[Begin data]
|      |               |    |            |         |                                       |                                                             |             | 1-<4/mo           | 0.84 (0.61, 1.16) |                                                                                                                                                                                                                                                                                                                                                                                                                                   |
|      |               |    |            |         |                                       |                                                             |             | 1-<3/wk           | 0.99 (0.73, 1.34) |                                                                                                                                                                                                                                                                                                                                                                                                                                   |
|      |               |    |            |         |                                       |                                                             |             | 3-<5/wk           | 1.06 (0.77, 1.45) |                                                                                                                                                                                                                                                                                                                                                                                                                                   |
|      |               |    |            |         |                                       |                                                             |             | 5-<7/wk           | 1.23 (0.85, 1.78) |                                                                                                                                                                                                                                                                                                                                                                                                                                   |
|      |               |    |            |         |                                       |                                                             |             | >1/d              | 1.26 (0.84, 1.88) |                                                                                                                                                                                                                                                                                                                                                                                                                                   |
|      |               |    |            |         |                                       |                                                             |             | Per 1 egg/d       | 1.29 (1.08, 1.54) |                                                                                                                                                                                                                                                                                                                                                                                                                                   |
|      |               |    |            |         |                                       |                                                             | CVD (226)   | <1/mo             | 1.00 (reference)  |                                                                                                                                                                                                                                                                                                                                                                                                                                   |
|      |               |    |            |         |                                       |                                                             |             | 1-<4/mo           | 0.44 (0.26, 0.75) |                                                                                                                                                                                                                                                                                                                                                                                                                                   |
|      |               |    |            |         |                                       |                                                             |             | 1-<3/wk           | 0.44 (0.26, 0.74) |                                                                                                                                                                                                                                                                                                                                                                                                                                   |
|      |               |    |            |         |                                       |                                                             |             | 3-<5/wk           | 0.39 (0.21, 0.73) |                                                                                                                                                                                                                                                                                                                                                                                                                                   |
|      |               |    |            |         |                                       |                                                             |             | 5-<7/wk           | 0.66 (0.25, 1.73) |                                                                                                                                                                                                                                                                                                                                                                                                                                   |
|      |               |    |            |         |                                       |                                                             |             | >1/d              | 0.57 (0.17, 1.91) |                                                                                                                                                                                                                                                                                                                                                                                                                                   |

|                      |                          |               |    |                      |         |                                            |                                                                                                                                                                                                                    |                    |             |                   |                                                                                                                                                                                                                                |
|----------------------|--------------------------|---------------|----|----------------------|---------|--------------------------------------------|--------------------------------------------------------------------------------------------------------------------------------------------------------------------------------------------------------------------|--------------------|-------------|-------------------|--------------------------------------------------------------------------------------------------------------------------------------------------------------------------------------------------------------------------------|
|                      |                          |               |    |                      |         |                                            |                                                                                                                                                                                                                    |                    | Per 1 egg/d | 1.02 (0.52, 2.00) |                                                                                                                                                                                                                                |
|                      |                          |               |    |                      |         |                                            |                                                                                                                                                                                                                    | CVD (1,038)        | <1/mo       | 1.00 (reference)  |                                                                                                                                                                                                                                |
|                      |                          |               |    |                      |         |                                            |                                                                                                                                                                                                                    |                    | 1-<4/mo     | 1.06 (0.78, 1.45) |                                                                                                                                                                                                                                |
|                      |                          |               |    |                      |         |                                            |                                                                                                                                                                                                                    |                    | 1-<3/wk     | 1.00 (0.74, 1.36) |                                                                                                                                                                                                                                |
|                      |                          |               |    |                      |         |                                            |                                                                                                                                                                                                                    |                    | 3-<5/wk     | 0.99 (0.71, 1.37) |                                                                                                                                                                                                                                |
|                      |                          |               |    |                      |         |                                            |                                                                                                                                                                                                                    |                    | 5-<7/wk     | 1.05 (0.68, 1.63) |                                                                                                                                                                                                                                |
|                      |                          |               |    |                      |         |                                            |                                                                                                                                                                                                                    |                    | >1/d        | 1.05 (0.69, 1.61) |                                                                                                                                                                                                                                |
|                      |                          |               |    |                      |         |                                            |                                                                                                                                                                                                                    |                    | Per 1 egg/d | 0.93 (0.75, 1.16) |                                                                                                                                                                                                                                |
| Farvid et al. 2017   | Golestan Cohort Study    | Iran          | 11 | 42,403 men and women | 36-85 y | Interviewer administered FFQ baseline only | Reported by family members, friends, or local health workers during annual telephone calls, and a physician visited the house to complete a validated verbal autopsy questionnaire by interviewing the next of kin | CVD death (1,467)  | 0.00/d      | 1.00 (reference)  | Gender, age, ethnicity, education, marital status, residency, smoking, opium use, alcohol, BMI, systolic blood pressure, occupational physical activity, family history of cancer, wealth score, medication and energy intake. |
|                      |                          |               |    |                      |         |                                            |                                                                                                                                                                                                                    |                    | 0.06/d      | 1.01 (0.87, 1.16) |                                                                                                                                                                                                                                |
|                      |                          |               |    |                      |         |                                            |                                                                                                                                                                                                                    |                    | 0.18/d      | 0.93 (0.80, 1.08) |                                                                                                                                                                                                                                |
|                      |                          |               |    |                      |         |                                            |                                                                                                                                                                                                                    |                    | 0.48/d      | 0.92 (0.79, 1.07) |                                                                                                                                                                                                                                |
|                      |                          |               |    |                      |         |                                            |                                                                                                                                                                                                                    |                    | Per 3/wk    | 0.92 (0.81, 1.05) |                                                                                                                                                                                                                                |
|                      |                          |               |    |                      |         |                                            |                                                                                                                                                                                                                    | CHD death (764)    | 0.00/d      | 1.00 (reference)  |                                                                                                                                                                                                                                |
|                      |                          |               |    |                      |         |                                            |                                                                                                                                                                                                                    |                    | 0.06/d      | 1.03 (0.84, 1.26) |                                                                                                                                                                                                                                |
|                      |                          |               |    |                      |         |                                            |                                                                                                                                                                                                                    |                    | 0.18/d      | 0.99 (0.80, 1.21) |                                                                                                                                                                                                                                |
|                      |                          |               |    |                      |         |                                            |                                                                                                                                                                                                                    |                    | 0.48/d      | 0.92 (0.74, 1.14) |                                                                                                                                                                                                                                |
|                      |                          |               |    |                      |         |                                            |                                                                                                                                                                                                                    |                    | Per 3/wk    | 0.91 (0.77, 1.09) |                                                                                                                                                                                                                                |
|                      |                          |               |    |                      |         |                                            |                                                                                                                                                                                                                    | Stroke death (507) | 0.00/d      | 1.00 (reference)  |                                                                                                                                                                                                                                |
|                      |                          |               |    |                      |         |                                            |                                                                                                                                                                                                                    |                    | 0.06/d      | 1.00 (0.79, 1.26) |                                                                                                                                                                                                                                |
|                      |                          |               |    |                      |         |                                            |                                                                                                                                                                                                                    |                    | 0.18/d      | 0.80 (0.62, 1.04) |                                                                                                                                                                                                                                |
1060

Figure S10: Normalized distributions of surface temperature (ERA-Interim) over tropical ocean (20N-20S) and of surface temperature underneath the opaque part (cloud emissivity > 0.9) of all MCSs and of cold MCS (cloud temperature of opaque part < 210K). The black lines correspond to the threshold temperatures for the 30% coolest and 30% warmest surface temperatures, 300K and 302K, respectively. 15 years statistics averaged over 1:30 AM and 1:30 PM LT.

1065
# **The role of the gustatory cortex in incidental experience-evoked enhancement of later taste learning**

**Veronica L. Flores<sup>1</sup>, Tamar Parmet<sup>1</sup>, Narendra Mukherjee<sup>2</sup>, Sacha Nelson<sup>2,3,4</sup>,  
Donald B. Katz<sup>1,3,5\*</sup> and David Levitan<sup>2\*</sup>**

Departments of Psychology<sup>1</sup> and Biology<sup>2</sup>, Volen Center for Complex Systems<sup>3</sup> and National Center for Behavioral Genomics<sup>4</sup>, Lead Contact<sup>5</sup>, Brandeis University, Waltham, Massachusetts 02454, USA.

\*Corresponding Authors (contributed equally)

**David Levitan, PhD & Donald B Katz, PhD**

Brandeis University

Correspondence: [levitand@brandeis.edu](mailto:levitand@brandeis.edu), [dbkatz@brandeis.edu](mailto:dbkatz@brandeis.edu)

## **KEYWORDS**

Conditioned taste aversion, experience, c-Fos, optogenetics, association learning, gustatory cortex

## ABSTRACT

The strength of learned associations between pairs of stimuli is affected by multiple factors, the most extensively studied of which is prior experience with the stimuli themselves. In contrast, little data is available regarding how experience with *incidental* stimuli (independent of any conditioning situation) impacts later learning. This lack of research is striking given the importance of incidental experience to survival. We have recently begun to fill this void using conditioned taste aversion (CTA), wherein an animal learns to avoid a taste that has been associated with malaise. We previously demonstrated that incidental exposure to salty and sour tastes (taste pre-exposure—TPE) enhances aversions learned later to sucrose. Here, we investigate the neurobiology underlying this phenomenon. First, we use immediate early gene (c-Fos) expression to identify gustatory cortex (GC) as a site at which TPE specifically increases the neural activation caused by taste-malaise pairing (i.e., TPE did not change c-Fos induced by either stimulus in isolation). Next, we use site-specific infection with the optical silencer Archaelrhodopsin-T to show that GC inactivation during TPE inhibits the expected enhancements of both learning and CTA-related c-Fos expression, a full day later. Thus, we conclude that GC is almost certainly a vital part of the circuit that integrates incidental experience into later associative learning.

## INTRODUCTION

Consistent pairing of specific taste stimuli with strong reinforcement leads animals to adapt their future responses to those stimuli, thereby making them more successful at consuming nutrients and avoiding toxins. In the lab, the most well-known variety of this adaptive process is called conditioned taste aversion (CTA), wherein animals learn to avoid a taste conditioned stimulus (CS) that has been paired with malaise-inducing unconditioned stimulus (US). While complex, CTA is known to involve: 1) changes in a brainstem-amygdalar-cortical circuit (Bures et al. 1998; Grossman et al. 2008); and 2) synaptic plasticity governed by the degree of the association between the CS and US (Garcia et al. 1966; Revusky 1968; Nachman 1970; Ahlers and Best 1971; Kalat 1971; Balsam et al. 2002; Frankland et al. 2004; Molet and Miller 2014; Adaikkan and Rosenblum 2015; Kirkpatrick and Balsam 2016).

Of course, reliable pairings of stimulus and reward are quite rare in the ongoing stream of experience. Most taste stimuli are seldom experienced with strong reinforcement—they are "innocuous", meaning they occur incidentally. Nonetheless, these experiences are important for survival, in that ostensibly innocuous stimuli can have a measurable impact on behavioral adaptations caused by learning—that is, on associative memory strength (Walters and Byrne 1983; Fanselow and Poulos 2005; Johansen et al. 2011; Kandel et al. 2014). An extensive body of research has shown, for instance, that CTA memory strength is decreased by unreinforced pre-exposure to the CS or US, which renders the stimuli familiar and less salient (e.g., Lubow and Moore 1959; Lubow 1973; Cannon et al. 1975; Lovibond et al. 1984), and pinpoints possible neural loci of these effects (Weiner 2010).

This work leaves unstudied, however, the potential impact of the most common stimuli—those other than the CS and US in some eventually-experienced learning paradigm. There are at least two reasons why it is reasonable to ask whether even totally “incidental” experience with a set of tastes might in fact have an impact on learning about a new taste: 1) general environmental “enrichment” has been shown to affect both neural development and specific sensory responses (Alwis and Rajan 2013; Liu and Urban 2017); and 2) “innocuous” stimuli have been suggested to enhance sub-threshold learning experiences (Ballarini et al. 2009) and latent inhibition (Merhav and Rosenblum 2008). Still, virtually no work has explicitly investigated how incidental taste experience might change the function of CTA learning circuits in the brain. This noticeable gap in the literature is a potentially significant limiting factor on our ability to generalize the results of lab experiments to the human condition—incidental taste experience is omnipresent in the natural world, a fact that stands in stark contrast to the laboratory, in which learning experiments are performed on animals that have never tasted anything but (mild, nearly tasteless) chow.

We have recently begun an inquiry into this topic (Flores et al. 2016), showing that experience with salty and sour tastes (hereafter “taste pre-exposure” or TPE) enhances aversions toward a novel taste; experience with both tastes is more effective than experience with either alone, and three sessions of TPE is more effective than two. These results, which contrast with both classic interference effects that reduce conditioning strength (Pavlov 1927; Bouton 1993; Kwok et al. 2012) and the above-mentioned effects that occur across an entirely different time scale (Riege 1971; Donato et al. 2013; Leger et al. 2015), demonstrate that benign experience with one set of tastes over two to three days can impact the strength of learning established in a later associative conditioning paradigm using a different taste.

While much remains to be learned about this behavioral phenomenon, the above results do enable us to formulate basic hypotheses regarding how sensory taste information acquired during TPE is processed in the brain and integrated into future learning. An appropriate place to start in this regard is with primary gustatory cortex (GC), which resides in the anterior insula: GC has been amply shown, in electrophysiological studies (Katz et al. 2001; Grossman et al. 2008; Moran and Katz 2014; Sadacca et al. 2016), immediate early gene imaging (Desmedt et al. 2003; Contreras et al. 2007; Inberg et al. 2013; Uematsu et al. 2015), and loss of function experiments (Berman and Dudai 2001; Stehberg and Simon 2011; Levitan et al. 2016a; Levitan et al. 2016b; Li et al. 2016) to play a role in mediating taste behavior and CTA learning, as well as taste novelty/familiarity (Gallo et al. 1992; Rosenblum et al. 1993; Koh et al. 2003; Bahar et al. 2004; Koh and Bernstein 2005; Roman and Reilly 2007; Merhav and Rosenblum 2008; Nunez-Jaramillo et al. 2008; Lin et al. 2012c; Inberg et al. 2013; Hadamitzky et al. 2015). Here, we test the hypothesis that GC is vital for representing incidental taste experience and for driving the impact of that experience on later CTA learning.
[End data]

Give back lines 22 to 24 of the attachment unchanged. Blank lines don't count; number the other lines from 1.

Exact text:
|                      |                          |               |    |                      |         |                                            |                                                                                                                                                                                                                    |                    | Per 1 egg/d | 0.93 (0.75, 1.16) |                                                                                                                                                                                                                                |
| Farvid et al. 2017   | Golestan Cohort Study    | Iran          | 11 | 42,403 men and women | 36-85 y | Interviewer administered FFQ baseline only | Reported by family members, friends, or local health workers during annual telephone calls, and a physician visited the house to complete a validated verbal autopsy questionnaire by interviewing the next of kin | CVD death (1,467)  | 0.00/d      | 1.00 (reference)  | Gender, age, ethnicity, education, marital status, residency, smoking, opium use, alcohol, BMI, systolic blood pressure, occupational physical activity, family history of cancer, wealth score, medication and energy intake. |
|                      |                          |               |    |                      |         |                                            |                                                                                                                                                                                                                    |                    | 0.06/d      | 1.01 (0.87, 1.16) |                                                                                                                                                                                                                                |